For those fans of Paizo world of Golarion there’s another surprise: a heretofore unrevealed secret! Golarion has a series of underground vaults that are essentially magical wildlife preserves ( inspired by pulp stories and Hollow World tales, such as Journey to the Center of the Earth). While they filled the same niche as the Underdark of other campaign worlds, these Vaults had a mysterious origin having been created by an unknown race who once warred with the aboleths. The Emerald Spire reveals the identity of these mysterious Vault Builders.
First off, the presentation is excellent. The book features all new art and looks good. It’s not quite as drool worthy as Inner Sea Gods but the book has high production values. The layout is clean and it’s easy to find information.
Each dungeon level has consistent formatting with a full map followed by a page with flavour text and an introduction of the level. The third page features a sidebar explaining some key features of the dungeon layer, such as doors, ceiling height, lighting, etc. This is excellent and I wish most dungeons crawls would make use of that style: too often I’m left wondering if the ceiling is 10 feet or thirty feet high or if that particular level is well lit or pitchblack.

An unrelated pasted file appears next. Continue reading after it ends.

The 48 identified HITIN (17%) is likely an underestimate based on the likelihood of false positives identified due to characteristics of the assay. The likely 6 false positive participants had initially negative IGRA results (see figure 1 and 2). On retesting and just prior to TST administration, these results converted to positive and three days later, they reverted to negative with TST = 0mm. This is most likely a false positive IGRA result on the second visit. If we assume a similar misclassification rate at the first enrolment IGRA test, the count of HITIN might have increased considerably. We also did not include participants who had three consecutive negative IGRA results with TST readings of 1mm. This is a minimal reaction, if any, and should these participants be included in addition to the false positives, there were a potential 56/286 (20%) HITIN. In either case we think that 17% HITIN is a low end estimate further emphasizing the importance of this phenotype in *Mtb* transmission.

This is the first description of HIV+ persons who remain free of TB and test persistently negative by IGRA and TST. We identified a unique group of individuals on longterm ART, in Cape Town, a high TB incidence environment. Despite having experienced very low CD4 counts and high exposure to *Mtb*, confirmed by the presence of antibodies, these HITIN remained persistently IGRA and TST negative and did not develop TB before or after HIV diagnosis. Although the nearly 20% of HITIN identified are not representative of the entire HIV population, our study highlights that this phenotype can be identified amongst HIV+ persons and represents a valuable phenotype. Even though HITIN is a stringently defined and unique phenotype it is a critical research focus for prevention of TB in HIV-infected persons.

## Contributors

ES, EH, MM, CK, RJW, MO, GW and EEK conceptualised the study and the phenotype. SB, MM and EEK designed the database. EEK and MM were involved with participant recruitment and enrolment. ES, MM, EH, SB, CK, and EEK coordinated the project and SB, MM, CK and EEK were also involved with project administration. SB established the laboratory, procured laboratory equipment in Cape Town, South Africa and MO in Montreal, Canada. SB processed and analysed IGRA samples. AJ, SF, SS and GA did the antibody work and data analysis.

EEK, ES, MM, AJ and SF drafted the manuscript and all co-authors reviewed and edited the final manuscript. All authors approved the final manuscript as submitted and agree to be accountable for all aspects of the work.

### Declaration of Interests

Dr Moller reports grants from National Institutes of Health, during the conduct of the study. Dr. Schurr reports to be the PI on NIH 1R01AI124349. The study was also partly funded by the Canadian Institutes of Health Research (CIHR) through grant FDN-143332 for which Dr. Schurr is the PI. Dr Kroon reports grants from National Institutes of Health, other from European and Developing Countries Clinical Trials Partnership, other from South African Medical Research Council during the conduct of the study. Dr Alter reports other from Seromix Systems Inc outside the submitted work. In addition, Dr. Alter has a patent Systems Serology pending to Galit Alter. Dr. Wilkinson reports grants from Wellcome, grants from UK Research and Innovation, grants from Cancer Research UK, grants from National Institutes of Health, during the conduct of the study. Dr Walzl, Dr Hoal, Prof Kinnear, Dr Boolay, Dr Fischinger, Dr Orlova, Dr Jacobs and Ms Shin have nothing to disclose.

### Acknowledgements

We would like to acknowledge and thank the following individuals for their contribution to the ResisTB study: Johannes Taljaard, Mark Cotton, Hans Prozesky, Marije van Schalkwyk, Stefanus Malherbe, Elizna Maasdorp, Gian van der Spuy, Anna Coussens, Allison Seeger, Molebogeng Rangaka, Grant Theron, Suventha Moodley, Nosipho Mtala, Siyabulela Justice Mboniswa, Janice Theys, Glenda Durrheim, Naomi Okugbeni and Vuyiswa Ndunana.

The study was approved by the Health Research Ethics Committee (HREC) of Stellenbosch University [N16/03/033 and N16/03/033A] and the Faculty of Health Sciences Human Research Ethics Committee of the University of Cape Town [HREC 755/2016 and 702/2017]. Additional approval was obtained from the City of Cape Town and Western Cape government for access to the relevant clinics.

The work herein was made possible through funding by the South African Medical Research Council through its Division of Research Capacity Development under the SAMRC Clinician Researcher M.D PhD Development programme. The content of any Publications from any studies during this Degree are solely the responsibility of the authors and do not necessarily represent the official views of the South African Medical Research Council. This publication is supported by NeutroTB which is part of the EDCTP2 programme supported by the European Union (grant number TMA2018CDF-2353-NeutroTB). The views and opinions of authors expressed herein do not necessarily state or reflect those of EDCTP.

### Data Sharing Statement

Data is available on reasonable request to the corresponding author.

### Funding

The dungeon is really diverse. Many dungeons – especially mega-dungeons – get a little samey, having the same rough tone and execution: the same types of monsters, the same architecture, and same level design. There might be a varying room or two but the majority is familiar for reasons of consistency. The Emerald Spire doesn’t even try for consistency; a steady design would have been impossible with sixteen different authors, nine of them freelancers. There’s a flooded level, a magma level, an overgrown garden, a machine shop, and more.
Similarly, not all layers are just kick-down-the-door combats. Some levels have the opportunity for some roleplaying and interaction. Two or three layers have the PCs choosing a side to support in that level’s conflict. One level could even serve as a headquarters for the party as they adventure deeper.
There’s a small element of non-linear play to the dungeon. At several opportunities PCs are given the chance to skip a level, ignoring a door or using a token to travel to a deeper layer. This adds a slight feeling of old school exploration to the dungeon, where players just pick a wing or area to explore: there is not a set order to the exploration that must be upheld, there are no rails for the dungeon.